Could Sound Transit push a head tax to make up deficit?
Sound Transit is staring down a more than $11 billion budget shortfall, thanks to the global pandemic and resulting recession. The board is looking at every option to find the money, including a potential employer head tax.
I will get to that head tax in a moment because it’s most likely the final option for the board, but let me set the stage for you. Sound Transit is hurting for financing, despite the $54 billion approved under ST3.
The pandemic has dried up its tax revenue and fare collection. The board is in the process of deciding what to do. Will it delay projects? Will the projects be built in phases? Will Sound Transit cut back on what was promised to voters? This is a repeat of what the agency saw coming out of the Great Recession a decade ago.
CEO Peter Rogoff has met with the new transportation department heads in Washington, D.C., to ask for more money. Our Congressional delegation is doing the same thing. Sound Transit is pushing for more direct funding from Olympia under the transportation budgets being proposed.
It is also mulling local options, like asking voters in the taxing district to allow it to take on more debt. Board member and King County Council Chair Claudia Balducci said it’s unrealistic for them to make these huge decisions without having all the revenue information.
“There’s a lot of unknowns here, and I’m not going to be super comfortable as a board member buying a particular painful course of action until we deal with those unknowns,” Balducci told the board last week.
Going back to the voters with hat in hand doesn’t sound great to Balducci either.
“It’s very concerning to me to hear all of this talk of going to other levels of government or to the voters with batches of more revenue to build what they already voted for when we still haven’t got our own ducks in as good of a row as we ought to,” she said.
Under certain scenarios with no new funding, projects like the West Seattle extension could be delayed by another seven years, or Ballard could be delayed by another two years. The board is looking at eight criteria to make these tough choices. Board member and Pierce County Executive Bruce Dammeier says it’s going to be difficult.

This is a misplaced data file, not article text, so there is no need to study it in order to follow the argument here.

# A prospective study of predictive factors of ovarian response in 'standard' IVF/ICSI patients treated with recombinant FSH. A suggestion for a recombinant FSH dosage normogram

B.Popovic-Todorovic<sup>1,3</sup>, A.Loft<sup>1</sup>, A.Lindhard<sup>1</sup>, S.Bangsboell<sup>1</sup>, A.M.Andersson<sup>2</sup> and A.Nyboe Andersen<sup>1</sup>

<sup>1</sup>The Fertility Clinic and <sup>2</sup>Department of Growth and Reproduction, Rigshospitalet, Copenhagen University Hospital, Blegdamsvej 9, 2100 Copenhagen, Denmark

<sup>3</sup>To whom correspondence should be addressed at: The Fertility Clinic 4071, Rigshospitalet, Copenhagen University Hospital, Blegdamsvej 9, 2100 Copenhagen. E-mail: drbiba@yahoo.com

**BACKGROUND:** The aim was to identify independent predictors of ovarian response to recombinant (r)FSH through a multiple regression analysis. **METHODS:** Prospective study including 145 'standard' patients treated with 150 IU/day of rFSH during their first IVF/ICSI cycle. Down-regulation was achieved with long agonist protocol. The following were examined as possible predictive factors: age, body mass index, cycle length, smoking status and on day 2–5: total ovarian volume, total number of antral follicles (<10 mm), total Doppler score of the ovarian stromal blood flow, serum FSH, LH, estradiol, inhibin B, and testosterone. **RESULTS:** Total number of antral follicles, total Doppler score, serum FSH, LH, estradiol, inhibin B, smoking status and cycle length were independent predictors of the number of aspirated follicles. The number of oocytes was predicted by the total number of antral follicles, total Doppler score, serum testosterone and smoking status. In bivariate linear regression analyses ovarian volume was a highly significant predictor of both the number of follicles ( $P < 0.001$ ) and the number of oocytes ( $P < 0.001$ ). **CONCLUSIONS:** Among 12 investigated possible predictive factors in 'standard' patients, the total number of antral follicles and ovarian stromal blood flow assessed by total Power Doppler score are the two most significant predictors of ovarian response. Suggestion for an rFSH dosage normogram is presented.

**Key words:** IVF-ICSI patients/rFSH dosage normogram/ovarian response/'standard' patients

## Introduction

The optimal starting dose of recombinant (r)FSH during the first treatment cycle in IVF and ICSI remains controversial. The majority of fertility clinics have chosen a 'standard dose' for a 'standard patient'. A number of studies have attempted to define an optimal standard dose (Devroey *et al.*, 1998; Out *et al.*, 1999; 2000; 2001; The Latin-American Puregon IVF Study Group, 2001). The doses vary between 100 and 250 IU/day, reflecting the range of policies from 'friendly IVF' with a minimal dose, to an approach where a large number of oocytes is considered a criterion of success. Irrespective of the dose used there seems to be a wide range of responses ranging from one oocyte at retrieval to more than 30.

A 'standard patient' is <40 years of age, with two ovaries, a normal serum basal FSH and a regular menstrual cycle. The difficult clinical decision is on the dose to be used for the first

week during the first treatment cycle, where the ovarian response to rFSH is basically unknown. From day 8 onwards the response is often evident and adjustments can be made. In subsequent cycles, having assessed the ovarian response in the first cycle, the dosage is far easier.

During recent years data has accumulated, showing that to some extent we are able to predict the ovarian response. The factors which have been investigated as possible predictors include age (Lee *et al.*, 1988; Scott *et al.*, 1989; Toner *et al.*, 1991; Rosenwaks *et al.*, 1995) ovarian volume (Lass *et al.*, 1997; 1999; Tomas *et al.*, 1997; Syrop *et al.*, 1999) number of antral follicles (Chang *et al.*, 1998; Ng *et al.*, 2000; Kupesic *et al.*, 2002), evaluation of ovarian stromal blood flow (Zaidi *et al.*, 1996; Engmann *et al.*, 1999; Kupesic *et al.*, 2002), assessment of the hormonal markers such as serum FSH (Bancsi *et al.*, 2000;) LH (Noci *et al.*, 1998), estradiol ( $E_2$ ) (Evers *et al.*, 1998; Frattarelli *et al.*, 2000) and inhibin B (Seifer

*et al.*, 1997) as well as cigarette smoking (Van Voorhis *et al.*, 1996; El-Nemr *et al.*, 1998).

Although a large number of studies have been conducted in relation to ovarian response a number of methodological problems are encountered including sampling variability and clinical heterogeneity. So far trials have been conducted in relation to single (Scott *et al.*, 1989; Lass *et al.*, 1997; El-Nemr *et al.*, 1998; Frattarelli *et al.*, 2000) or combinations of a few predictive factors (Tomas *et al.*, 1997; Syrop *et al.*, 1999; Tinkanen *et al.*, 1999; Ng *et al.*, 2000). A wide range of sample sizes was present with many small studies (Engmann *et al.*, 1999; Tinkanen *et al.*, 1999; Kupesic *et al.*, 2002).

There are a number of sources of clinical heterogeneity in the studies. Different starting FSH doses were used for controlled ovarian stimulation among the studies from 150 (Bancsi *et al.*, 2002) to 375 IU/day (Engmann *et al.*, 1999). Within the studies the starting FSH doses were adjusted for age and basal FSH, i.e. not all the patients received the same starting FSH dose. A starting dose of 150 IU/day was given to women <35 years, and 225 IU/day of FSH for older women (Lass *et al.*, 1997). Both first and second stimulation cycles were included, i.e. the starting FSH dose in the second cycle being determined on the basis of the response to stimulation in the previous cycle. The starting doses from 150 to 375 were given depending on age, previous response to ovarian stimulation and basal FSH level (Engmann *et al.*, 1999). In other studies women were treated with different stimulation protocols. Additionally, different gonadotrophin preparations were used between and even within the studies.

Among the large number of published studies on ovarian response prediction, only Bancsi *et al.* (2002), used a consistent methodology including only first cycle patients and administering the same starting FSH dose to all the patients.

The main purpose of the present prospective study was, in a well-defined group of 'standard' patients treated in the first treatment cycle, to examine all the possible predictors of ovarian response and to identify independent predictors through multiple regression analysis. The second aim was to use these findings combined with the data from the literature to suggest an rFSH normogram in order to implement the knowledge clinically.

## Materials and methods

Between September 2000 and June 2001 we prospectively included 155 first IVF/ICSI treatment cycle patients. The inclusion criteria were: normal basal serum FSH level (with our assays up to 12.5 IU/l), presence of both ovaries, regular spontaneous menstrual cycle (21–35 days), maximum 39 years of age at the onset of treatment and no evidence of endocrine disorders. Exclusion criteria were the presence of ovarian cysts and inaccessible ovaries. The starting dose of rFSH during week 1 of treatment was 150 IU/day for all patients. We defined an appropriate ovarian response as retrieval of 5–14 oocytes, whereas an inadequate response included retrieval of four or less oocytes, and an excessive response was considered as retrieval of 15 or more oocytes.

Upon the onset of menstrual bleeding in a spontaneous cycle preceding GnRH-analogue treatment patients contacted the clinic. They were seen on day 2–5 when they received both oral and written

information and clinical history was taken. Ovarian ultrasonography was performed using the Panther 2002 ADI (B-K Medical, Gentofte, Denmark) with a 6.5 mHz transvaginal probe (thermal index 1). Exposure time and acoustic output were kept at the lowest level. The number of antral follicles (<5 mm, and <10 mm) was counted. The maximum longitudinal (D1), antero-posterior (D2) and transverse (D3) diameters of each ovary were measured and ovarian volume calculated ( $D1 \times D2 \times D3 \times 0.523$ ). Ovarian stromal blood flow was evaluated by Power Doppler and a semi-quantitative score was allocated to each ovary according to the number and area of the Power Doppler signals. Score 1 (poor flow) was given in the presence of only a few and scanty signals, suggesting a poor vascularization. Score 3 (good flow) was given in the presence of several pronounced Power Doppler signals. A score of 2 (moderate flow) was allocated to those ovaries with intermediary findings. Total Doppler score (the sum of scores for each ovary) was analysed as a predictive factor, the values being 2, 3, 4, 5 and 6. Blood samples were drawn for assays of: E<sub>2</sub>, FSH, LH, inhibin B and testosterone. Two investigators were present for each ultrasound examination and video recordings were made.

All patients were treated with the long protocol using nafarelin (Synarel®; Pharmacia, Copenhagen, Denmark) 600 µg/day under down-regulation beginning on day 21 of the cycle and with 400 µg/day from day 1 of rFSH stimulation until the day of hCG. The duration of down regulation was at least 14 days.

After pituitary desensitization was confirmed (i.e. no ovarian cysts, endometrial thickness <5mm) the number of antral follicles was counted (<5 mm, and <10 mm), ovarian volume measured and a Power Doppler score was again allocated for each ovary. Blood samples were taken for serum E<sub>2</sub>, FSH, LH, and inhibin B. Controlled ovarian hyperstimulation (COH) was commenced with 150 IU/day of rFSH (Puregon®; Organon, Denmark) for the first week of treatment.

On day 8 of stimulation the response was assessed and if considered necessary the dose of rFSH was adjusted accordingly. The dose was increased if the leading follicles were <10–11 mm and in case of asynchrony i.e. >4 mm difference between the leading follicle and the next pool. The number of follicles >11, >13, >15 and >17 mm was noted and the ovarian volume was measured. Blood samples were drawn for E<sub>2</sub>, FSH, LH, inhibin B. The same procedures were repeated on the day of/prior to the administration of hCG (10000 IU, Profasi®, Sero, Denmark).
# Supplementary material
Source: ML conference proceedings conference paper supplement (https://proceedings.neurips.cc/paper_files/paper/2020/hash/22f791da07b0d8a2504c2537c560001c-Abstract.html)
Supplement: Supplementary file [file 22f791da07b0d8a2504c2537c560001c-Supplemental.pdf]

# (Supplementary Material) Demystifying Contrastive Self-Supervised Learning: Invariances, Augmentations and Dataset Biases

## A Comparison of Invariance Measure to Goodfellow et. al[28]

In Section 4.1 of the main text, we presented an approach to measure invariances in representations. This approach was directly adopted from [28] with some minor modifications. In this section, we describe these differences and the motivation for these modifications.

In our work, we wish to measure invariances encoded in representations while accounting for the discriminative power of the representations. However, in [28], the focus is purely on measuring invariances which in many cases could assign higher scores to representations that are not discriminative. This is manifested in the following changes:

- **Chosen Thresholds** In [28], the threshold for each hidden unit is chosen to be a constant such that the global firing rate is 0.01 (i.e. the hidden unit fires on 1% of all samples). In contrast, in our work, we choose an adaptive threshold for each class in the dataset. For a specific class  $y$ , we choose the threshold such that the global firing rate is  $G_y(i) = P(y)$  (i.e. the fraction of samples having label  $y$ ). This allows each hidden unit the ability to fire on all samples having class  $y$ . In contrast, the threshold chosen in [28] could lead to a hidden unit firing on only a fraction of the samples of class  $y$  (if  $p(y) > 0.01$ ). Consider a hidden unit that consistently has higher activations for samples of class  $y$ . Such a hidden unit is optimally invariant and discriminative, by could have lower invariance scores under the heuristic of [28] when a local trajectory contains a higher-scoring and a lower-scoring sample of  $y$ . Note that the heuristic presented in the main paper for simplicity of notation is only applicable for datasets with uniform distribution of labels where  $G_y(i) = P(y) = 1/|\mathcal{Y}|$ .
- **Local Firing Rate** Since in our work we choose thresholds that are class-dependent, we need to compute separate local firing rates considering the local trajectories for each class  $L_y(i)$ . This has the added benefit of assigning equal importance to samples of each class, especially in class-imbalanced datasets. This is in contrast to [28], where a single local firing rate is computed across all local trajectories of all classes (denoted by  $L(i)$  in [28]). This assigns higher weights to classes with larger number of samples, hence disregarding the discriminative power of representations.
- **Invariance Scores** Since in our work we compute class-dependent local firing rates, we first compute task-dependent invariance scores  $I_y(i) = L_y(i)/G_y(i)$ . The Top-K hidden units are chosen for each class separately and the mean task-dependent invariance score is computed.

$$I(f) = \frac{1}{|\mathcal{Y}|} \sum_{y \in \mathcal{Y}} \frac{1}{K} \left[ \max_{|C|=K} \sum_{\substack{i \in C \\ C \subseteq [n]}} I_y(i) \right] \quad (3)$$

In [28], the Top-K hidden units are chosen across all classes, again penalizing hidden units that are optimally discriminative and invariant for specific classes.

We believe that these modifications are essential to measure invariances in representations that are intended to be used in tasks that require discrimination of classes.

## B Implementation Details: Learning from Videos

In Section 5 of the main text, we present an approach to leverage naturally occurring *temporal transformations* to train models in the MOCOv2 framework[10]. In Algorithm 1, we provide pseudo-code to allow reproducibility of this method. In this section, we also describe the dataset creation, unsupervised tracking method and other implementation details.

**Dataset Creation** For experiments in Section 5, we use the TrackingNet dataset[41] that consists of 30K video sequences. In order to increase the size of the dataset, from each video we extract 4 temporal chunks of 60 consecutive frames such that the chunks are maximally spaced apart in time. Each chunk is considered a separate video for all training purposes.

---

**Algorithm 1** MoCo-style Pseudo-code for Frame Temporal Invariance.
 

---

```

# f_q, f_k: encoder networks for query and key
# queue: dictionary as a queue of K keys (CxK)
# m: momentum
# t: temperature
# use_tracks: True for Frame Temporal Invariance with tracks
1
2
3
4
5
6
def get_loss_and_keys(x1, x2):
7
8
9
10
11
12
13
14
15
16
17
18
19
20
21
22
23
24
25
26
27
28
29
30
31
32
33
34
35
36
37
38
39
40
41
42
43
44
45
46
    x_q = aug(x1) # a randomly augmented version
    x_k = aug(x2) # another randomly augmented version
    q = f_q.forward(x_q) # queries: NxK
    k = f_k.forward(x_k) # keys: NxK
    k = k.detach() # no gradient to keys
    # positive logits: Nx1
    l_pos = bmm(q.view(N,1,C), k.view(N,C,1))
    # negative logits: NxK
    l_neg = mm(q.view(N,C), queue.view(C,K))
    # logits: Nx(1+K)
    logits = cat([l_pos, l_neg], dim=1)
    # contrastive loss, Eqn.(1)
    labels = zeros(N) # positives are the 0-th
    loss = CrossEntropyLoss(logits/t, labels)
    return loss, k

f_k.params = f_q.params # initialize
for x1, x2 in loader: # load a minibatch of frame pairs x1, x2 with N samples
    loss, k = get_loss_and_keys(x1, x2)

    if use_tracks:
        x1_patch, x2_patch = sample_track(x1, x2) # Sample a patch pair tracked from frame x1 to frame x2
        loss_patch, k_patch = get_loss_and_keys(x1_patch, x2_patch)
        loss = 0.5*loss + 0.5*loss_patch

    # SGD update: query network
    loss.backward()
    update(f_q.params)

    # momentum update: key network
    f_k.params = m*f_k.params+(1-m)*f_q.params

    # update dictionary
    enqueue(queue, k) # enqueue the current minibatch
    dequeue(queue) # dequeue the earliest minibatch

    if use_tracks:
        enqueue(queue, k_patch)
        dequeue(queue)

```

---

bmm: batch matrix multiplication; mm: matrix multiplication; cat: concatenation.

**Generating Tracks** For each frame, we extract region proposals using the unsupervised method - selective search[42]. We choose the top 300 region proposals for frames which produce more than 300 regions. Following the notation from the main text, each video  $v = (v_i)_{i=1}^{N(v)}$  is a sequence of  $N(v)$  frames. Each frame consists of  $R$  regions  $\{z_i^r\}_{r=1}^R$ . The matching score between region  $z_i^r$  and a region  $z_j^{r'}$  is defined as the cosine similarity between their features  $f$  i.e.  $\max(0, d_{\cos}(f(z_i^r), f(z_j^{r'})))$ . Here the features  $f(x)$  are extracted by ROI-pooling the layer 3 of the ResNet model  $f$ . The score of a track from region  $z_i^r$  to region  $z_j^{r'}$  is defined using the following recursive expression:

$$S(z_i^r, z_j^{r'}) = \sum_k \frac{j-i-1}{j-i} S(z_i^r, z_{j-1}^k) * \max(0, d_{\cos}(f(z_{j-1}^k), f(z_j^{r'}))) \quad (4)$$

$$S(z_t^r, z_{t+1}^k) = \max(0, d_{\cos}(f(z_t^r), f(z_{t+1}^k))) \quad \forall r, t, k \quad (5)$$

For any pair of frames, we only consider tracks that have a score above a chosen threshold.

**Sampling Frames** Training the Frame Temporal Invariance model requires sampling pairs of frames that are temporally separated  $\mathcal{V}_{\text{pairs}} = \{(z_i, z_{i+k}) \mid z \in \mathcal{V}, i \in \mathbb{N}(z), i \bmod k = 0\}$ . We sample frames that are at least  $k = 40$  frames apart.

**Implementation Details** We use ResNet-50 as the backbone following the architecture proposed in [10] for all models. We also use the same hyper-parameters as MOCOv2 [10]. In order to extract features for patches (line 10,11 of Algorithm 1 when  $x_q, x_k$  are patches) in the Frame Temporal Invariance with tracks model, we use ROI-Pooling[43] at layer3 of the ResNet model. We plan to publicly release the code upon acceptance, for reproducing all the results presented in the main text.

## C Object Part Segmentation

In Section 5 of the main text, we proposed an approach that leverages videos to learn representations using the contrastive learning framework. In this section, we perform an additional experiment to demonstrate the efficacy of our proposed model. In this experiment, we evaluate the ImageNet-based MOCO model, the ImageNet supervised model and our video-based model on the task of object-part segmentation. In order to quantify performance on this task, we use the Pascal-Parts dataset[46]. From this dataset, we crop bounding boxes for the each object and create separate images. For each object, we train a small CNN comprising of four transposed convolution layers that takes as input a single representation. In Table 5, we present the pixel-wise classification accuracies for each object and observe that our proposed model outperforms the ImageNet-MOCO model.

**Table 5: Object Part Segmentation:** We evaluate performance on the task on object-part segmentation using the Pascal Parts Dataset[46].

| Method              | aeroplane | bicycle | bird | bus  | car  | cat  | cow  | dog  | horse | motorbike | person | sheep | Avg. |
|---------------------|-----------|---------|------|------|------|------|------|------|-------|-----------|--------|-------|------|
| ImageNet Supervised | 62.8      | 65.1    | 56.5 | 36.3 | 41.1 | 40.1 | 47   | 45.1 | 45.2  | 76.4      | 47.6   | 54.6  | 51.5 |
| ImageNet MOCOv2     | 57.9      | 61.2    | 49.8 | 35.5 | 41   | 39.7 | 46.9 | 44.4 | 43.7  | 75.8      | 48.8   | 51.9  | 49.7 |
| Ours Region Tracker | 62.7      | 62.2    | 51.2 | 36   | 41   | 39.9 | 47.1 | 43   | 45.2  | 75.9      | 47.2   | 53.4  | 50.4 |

“I love criteria, with weighting, and run the math and let the number roll out at the bottom,” he said. “But I’m smart enough to know that the number that rolls out at the bottom, just because the numbers say it, doesn’t always make it the right choice.”
And now to the employer head tax. Sound Transit always has the authority to ask voters to impose a per employee tax for every business in King, Snohomish, and Pierce counties. It would be $2 a month, or $24 a year, per full-time employee. Sound Transit CFO Tracy Butler told the board it could raise $685 million through 2041.
Raise your hand if you knew that Sound Transit had this ability — that’s probably not many of us. Even board member Dammeier didn’t know about it. He asked Butler to explain.
“Is this where Sound Transit employees vote to tax themselves?,” he asked. “Is this a vote of the people of King County?”
Butler confirmed it would be a vote inside the Regional Taxing Authority.
State law, passed in 1990 for transit agencies or authorities, gives Sound Transit the ability to go to voters with this plan. Sound Transit has never used it because the agency knows how controversial it is, and it doesn’t want to lose the support of businesses, which have traditionally supported Sound Transit measures.
It’s not likely that Sound Transit would go with the head tax because it only raises $685 million and the deficit is much larger than that. That’s no real bang for the buck, especially if it were to lose business support in the process.
By the way, Sound Transit doesn’t call this $11.5 billion problem a deficit or shortfall. It’s now officially called an “affordability gap.”
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